and this one,

“And also the Strength of Israel will not lie nor relent. For He is not a man, that He should relent” [1 Samuel 15:29]

or this one,

“I the LORD do not change. So you, O descendants of Jacob, are not destroyed.” [Malachi 3:6]

and in the New Testament,

“Every good and perfect gift is from above, coming down from the Father of the heavenly lights, who does not change like shifting shadows.” [James 1:17]

Why this imbalance? Why is it that God only changes (or seems to change) His mind when it comes to punishing our sins but never seems to do so when it comes to blessing us? If Moses and other prophets like Amos could reason with God and convince Him to relent from punishing the Israelites, why couldn’t the sins of the Israelites and their disobedience cause the same change of heart concerning God’s promise of blessing? It is obvious  from the look of things that, people sin, God promises wrath, someone interceded, people repent, then God relents. But when God promises blessing, even when the people stray, His promises still stand. If it is indeed possible to change God’s mind, why can we only change His mind towards not cursing us and we seem not able to change His mind towards not blessing us?


It is in this mysterious dichotomy that I found an amazing truth. And this truth lies in the conditions necessary for God to “change His mind.” If we look at the Old Testament, there were always five events that transpired in the cycle of God changing His mind. First, the people sinned. Secondly, God intended to punish their sin. Thirdly, a prophet interceded. Fourth, the people repented. Fifth, God relented. Does this cycle look familiar? Yes, it is the whole redemptive cycle that is at the heart of the biblical narrative. And this cycle in the old testament was only foreshadowing the ultimate cycle fulfilled in the New Testament: We are sinners, God intends to punish sin, Jesus intercedes, we believe and repent, God relents. The Gospel!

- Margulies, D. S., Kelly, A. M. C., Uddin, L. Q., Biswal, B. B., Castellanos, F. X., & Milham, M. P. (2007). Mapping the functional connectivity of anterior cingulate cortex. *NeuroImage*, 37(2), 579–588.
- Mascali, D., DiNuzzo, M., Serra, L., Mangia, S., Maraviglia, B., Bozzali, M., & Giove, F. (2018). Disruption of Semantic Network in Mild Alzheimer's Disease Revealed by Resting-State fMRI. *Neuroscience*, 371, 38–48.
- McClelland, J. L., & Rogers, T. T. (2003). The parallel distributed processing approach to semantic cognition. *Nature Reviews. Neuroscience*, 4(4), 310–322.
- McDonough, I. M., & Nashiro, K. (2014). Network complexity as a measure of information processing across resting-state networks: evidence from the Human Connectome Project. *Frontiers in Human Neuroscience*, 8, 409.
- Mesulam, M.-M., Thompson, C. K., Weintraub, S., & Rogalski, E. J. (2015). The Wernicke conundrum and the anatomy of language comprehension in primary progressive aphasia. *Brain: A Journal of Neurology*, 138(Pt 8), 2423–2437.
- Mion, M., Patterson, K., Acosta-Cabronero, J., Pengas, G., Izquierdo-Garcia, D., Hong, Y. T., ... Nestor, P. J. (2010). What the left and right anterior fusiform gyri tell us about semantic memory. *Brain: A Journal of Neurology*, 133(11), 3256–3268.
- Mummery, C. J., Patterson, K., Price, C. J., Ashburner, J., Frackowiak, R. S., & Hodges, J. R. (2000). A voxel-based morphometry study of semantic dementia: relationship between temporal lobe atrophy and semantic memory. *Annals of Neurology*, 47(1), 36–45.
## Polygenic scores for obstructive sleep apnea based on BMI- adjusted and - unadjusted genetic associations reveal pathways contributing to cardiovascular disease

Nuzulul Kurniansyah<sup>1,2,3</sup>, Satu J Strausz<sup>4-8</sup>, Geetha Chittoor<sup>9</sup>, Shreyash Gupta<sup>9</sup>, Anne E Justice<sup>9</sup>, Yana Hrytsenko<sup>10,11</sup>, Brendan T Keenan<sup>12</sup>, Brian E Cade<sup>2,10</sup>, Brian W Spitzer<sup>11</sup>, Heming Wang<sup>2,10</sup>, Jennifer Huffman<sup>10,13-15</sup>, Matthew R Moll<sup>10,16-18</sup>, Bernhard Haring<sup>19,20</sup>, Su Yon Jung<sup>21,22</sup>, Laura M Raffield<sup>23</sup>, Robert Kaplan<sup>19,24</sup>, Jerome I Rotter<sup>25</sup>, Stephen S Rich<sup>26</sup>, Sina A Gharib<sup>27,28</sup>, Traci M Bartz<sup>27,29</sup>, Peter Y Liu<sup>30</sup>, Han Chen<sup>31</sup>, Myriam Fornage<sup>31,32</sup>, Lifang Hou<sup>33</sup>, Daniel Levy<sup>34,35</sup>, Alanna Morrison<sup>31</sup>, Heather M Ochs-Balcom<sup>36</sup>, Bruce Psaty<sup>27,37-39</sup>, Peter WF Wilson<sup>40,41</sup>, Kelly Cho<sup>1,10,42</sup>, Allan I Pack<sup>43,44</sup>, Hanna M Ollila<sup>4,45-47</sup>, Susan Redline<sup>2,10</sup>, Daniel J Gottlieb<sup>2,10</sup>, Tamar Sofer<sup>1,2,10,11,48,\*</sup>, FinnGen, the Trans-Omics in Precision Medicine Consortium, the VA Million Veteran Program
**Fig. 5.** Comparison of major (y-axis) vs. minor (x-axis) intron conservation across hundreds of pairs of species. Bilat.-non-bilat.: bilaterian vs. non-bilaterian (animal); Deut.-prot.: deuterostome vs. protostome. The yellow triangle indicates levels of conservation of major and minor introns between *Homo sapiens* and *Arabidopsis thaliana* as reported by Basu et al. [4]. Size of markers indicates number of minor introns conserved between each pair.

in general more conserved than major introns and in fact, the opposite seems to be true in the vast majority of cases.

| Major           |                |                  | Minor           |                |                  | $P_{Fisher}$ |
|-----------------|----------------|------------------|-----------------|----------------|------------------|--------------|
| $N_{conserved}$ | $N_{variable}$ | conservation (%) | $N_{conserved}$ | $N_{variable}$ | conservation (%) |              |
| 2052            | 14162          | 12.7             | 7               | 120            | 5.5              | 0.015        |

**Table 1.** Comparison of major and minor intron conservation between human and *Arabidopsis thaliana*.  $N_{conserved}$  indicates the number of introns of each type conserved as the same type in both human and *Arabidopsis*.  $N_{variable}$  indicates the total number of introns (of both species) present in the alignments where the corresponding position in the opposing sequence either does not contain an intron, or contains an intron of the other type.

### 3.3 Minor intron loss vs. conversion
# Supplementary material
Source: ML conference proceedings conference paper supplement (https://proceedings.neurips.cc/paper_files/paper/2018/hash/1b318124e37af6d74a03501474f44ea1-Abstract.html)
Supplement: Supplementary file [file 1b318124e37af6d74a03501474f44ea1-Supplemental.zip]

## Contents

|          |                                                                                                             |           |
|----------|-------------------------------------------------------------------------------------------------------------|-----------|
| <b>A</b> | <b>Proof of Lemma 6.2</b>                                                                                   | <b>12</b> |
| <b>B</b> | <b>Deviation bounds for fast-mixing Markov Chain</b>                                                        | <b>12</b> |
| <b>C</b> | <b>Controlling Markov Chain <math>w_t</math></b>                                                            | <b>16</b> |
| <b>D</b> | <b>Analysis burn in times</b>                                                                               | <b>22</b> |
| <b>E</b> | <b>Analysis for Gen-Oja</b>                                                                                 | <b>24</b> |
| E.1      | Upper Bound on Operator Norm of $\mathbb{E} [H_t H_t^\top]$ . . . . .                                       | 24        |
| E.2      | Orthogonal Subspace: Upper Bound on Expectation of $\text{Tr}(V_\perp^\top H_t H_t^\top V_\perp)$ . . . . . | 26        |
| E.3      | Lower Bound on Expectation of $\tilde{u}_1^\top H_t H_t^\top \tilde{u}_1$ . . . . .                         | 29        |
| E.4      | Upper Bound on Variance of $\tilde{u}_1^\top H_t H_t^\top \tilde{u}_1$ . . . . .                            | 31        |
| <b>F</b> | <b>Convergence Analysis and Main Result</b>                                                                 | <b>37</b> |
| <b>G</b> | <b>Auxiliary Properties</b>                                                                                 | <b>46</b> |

Do you want to change God’s mind? Then preach the Gospel.

You see, we cannot look at sinners and then say that they are “almost” saved or on their way to salvation. The paradox of the grace is that we can tell unbelievers “you are headed to hell” without fearing that they could be among the elect; and when they get converted, we can talk to them as if they were always on their way to heaven.

This is the paradox of the gospel.

This is the paradox of God changing His mind. At the cross, the passages about a God who changes His mind meet the passages about a God who never changes His mind. At the cross, God’s wrath against sin is expressed fully, with no repentance. At the cross, God’s mercy is expressed fully, with no repentance. At the Cross, God’s wrath and God’s mercy kiss.

And the most amazing thing happens. Sin is punished, sinners are forgiven, and God is glorified.

It may look like God’s mind has been changed, but it’s really our hearts which have been changed.

For the fame of His name,